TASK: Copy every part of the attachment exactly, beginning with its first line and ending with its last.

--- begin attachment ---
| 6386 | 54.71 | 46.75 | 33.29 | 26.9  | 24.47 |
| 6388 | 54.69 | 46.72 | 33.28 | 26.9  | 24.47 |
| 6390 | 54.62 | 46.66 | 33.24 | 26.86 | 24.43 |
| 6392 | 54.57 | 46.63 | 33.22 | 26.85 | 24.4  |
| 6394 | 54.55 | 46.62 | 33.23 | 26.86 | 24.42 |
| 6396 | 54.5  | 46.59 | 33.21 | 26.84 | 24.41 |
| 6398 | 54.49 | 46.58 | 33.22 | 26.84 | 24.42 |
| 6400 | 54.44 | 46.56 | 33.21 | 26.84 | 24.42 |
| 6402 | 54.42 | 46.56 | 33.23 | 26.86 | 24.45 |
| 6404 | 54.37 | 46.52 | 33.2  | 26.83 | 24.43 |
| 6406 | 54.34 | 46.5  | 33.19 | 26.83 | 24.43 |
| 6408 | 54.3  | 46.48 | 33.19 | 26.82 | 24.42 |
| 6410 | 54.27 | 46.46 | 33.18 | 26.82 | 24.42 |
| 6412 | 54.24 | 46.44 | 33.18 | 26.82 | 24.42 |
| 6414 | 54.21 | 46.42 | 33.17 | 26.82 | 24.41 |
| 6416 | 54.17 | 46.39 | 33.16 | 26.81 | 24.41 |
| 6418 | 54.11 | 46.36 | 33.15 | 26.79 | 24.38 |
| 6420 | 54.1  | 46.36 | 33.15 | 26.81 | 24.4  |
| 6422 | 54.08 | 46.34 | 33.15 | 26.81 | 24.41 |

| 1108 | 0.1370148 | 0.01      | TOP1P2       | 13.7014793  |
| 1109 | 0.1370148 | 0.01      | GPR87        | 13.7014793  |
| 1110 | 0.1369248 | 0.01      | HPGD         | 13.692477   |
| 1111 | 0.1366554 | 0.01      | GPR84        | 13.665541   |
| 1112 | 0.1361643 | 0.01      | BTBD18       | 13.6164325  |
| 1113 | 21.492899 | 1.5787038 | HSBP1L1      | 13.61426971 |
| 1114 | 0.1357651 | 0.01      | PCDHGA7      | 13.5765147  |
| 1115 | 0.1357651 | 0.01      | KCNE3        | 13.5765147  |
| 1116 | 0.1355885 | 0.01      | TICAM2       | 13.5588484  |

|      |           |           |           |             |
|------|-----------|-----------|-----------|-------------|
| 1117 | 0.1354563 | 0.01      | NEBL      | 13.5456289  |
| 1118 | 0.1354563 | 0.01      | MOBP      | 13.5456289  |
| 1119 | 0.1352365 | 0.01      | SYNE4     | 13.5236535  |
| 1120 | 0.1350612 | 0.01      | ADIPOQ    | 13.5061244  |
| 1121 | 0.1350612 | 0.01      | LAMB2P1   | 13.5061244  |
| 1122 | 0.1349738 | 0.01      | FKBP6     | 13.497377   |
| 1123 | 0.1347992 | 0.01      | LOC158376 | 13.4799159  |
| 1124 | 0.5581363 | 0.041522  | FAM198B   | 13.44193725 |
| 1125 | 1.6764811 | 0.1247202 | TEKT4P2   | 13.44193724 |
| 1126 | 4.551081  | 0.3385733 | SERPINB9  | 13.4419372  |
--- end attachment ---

| 6386 | 54.71 | 46.75 | 33.29 | 26.9  | 24.47 |
| 6388 | 54.69 | 46.72 | 33.28 | 26.9  | 24.47 |
| 6390 | 54.62 | 46.66 | 33.24 | 26.86 | 24.43 |
| 6392 | 54.57 | 46.63 | 33.22 | 26.85 | 24.4  |
| 6394 | 54.55 | 46.62 | 33.23 | 26.86 | 24.42 |
| 6396 | 54.5  | 46.59 | 33.21 | 26.84 | 24.41 |
| 6398 | 54.49 | 46.58 | 33.22 | 26.84 | 24.42 |
| 6400 | 54.44 | 46.56 | 33.21 | 26.84 | 24.42 |
| 6402 | 54.42 | 46.56 | 33.23 | 26.86 | 24.45 |
| 6404 | 54.37 | 46.52 | 33.2  | 26.83 | 24.43 |
| 6406 | 54.34 | 46.5  | 33.19 | 26.83 | 24.43 |
| 6408 | 54.3  | 46.48 | 33.19 | 26.82 | 24.42 |
| 6410 | 54.27 | 46.46 | 33.18 | 26.82 | 24.42 |
| 6412 | 54.24 | 46.44 | 33.18 | 26.82 | 24.42 |
| 6414 | 54.21 | 46.42 | 33.17 | 26.82 | 24.41 |
| 6416 | 54.17 | 46.39 | 33.16 | 26.81 | 24.41 |
| 6418 | 54.11 | 46.36 | 33.15 | 26.79 | 24.38 |
| 6420 | 54.1  | 46.36 | 33.15 | 26.81 | 24.4  |
| 6422 | 54.08 | 46.34 | 33.15 | 26.81 | 24.41 |

| 1108 | 0.1370148 | 0.01      | TOP1P2       | 13.7014793  |
| 1109 | 0.1370148 | 0.01      | GPR87        | 13.7014793  |
| 1110 | 0.1369248 | 0.01      | HPGD         | 13.692477   |
| 1111 | 0.1366554 | 0.01      | GPR84        | 13.665541   |
| 1112 | 0.1361643 | 0.01      | BTBD18       | 13.6164325  |
| 1113 | 21.492899 | 1.5787038 | HSBP1L1      | 13.61426971 |
| 1114 | 0.1357651 | 0.01      | PCDHGA7      | 13.5765147  |
| 1115 | 0.1357651 | 0.01      | KCNE3        | 13.5765147  |
| 1116 | 0.1355885 | 0.01      | TICAM2       | 13.5588484  |

|      |           |           |           |             |
|------|-----------|-----------|-----------|-------------|
| 1117 | 0.1354563 | 0.01      | NEBL      | 13.5456289  |
| 1118 | 0.1354563 | 0.01      | MOBP      | 13.5456289  |
| 1119 | 0.1352365 | 0.01      | SYNE4     | 13.5236535  |
| 1120 | 0.1350612 | 0.01      | ADIPOQ    | 13.5061244  |
| 1121 | 0.1350612 | 0.01      | LAMB2P1   | 13.5061244  |
| 1122 | 0.1349738 | 0.01      | FKBP6     | 13.497377   |
| 1123 | 0.1347992 | 0.01      | LOC158376 | 13.4799159  |
| 1124 | 0.5581363 | 0.041522  | FAM198B   | 13.44193725 |
| 1125 | 1.6764811 | 0.1247202 | TEKT4P2   | 13.44193724 |
| 1126 | 4.551081  | 0.3385733 | SERPINB9  | 13.4419372  |